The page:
Did you end up blowing those guys off the stage when you played with them?

Well, they really liked it. We could tell that. And somebody said, oh heck, I don’t know if it’s true, but someone said the next group after us said, ‘the kids kept yelling, we want the Sonics back, bring back the Sonics’. I never heard that, of course, I was in the dressing room by then.

For your first album, Here Are the Sonics (1965), albums were conceived of differently to the way they were after the Beatles/Beach Boys etc. and the way they are now. Did you plan much with the album, or in the way that we might conceive of an album now?

It just seemed like the thing to do, we just did it and see what happened. ‘The Witch’ was the first song I ever wrote, and the first song that I recorded. It was a whole new experience.

The recording still sounds great, did you expect it still to sound so raw and live?

We knew we were not going to hold back nothing. We just thought, ‘well, we should just put it all on the line.’ People might say ‘well, they’re crazy’. Some radio stations couldn’t play that kind of music, because it wasn’t encouraged. They were playing stuff from the Roaring ‘20s, polka or whatever.

How shocking were songs like ‘Psycho’ or ‘Strychnine’ back in 1965?

Shocking? Yeah. It was. [laughs] In fact, we were asked to do this TV programme with bands coming out and doing one song, and we were doing a show in the Cleveland, Pittsburgh area. On the show was Jackie Wilson and Bob Seger and people like that. They wanted to see how we sounded [before]. We played ‘The Witch’. The director looked at me and said, ‘do you have to be so barbaric?’ ‘I don’t know, I’m just doing what I do’. I’ll never forget that.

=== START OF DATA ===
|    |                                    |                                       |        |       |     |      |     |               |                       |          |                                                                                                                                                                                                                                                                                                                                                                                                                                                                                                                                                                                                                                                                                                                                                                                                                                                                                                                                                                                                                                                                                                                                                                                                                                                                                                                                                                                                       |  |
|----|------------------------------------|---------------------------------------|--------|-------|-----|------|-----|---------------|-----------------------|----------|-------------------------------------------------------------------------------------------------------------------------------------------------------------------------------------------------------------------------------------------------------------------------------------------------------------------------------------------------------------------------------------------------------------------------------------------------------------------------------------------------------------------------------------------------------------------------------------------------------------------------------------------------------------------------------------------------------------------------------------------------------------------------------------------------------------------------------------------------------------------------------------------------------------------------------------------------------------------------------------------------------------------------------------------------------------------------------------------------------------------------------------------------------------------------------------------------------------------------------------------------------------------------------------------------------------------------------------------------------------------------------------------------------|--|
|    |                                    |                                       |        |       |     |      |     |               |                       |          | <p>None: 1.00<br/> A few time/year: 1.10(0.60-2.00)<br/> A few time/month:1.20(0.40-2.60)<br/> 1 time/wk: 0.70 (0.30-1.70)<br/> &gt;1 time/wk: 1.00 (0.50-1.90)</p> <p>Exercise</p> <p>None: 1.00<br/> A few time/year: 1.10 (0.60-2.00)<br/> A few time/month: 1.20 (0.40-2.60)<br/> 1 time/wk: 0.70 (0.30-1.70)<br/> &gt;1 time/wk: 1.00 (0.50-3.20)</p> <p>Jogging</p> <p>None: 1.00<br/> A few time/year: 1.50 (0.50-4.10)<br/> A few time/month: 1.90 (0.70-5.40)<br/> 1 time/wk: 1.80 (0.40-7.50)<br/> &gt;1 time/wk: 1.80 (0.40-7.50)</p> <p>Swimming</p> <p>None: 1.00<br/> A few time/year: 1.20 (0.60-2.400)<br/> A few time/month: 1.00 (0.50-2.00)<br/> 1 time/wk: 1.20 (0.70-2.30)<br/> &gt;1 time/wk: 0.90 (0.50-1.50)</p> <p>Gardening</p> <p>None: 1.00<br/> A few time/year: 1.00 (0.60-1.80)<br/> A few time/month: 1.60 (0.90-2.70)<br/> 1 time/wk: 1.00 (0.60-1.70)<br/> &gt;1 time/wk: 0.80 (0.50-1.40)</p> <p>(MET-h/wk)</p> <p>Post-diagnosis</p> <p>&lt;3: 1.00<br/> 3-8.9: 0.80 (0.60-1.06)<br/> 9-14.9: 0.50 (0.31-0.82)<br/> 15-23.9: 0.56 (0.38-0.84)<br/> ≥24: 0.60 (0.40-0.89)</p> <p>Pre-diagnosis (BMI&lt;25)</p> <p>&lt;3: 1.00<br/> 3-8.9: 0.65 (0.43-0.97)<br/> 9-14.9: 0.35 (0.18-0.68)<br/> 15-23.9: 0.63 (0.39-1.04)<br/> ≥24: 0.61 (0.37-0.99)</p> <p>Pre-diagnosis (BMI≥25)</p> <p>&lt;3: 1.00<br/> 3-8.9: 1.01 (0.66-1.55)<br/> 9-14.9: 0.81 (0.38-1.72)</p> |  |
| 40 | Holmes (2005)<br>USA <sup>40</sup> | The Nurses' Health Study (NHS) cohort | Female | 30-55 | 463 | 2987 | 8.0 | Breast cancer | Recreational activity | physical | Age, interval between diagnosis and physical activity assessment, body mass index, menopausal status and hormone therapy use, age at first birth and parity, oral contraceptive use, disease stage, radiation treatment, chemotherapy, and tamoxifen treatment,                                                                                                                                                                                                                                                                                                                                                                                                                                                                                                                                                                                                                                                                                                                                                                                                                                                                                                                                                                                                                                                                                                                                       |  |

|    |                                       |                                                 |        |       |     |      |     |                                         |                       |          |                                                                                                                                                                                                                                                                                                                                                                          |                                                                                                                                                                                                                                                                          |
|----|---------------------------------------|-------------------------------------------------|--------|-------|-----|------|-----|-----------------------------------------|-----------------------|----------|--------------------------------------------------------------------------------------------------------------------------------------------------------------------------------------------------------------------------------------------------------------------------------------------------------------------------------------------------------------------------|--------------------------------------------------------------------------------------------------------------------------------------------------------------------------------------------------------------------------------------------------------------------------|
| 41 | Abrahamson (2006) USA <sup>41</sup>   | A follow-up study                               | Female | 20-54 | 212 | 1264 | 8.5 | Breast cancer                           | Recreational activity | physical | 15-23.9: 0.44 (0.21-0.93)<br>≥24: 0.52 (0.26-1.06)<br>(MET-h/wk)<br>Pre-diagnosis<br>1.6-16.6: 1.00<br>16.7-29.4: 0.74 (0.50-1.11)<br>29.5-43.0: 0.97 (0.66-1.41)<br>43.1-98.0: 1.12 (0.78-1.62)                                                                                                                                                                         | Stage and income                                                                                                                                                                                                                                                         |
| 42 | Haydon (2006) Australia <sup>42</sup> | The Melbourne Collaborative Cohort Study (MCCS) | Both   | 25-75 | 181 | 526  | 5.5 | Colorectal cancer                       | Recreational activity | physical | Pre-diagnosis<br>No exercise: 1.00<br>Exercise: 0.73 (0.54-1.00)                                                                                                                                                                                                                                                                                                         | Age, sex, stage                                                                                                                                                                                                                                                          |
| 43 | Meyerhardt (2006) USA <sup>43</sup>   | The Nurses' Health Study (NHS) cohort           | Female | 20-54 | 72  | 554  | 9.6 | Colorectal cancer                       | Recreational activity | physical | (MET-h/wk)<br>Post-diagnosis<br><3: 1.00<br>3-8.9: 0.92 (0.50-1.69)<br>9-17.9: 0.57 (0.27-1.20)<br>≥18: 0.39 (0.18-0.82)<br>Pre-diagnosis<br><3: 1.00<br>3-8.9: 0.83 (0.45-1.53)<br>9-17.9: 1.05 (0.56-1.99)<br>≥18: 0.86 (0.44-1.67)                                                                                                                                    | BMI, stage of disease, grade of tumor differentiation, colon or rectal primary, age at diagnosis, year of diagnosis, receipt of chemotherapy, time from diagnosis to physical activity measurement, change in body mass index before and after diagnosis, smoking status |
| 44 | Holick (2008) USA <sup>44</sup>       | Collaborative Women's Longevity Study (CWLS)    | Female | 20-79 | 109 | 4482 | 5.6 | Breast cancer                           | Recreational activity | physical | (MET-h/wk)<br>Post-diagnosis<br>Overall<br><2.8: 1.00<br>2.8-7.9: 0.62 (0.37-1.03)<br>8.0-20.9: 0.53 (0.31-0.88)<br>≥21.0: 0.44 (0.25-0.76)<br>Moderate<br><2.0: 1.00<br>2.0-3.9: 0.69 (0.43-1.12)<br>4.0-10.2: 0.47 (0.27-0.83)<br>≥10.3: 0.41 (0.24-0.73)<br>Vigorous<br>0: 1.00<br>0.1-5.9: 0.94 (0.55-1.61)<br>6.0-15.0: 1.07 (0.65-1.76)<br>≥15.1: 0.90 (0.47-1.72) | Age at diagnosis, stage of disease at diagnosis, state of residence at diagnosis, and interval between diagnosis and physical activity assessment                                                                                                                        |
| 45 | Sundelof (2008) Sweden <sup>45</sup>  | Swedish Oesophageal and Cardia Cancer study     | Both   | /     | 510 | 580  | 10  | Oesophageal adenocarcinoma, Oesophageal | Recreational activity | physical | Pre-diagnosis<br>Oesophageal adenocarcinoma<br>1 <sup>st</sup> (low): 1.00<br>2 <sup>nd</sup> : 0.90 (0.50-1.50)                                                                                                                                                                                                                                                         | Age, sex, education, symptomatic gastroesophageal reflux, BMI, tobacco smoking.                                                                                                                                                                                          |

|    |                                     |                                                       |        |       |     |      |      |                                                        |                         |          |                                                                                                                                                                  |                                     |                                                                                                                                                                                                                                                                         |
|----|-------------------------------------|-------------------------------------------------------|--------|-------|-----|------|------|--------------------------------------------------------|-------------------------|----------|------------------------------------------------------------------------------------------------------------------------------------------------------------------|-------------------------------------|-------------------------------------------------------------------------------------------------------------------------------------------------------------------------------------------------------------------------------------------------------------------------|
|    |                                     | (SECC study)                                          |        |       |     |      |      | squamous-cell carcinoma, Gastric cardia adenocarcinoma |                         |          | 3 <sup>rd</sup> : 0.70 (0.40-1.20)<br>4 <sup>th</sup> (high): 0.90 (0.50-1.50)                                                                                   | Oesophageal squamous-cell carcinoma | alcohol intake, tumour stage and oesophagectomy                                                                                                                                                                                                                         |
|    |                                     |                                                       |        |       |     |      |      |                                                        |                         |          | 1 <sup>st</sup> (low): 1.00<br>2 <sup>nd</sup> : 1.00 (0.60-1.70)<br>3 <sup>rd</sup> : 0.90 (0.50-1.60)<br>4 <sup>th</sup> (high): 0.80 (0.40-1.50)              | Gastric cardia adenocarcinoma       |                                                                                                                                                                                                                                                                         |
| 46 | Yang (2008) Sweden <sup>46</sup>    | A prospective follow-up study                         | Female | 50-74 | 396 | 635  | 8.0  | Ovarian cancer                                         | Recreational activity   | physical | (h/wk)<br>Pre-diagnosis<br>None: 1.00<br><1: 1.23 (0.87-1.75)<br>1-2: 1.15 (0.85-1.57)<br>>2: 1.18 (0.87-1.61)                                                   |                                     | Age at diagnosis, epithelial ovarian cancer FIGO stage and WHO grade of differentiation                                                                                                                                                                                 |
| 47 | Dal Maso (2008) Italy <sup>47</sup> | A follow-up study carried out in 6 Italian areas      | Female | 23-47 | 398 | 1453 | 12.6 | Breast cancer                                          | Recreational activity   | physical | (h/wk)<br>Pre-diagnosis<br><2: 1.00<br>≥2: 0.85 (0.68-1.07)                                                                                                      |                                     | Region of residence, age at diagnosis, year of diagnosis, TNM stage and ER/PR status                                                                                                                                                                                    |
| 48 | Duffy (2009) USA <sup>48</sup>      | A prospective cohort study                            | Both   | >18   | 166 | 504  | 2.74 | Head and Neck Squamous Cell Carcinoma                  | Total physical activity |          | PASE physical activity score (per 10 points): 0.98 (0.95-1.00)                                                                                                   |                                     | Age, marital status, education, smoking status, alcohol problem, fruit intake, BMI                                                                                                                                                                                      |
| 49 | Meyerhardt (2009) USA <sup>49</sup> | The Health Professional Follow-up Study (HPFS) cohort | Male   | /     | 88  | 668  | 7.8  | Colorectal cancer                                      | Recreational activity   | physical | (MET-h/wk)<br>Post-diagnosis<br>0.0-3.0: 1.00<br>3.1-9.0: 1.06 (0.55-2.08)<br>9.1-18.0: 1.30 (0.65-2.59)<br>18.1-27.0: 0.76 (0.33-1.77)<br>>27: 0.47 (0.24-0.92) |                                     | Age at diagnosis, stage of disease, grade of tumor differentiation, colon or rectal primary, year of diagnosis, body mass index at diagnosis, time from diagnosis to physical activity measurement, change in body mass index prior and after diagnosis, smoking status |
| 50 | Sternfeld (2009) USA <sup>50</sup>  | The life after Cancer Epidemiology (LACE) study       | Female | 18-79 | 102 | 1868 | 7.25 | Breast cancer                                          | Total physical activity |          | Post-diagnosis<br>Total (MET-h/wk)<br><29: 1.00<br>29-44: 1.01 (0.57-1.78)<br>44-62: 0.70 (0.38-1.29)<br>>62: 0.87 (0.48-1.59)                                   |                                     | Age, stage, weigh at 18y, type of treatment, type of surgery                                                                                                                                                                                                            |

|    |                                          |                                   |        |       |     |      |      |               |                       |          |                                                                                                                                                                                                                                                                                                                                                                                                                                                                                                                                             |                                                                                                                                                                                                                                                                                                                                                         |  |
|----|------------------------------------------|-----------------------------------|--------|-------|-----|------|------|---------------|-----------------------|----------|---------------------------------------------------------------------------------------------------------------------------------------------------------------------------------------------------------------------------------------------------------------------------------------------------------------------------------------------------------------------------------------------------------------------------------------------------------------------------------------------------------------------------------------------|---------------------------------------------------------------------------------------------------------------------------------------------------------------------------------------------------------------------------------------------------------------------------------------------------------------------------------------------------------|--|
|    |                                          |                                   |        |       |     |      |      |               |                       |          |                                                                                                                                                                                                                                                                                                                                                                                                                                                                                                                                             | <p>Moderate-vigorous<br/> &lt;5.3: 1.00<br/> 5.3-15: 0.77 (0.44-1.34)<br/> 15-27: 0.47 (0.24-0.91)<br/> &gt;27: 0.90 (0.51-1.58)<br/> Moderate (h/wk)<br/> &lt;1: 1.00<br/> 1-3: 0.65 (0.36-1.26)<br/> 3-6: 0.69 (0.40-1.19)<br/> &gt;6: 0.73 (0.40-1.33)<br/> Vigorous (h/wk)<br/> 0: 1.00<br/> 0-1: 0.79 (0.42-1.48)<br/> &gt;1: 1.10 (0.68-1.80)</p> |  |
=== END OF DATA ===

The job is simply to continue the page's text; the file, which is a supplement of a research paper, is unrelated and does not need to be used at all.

You guys were also called the first punk band – is that a label you’re comfortable with?

Yeah, there’s a lot of different terms now, but back then, it was just ‘rock n roll’. We didn’t have all of the metal stuff, speed metal etc.; we didn’t have those terms. It was just rock.

How gratifying has it been knowing that stuff you did back in the ‘60s has had this huge influence on bands from the ‘70s, ‘80s, ‘90s, even today?

Yeah, it’s really gratifying. I feel really good that at least I’ve done something that somebody else likes that long ago. It’s almost unbelievable.

There are so many covers of your music – do you have any favourites?

Have you heard of this group Heart? Two girls and their band. They put ‘The Witch’ on one of their live albums, and I thought that was pretty cool. They are good. That was real good. At the top of my head, I can’t think of any covers that come right to mind that were really good.

Why did you guys make the decision to come back together in 2007? You obviously reunited in 1972?

Just for 3 songs. Just a little bit, we weren’t really together and we got on stage for 3 songs.

What was it like to play together again?

It was scary. A guy kept asking us to play, ‘will you play at Cavestomp [Garage Rock Festival] in New York.’ Finally we said, ‘well, we can’t tell you we’ll play. We will practise some and see if we can do that. A month before the gig, we said, ‘yeah ok, after months of practice we think we can do it’. When we went to New York, we looked at our audience and thought, ‘that’s the same age group we played for 50 years ago’. I’m not kidding. They were teenagers, mostly young people and we thought ‘holy cow’. They started right away singing with us, they knew the words and everything. They were jumping off the stage and doing the mosh pit, we thought, ‘holy crap’.

What’s the plan for you guys now?

We want to make another album, that’s got more songs and more originals. That’s the medium term. We’re going to Japan. We get on an airplane, and we just keep on keep on going. Just ride the wave.

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The Sonics play Auckland on April 18th - click here to secure your tickets!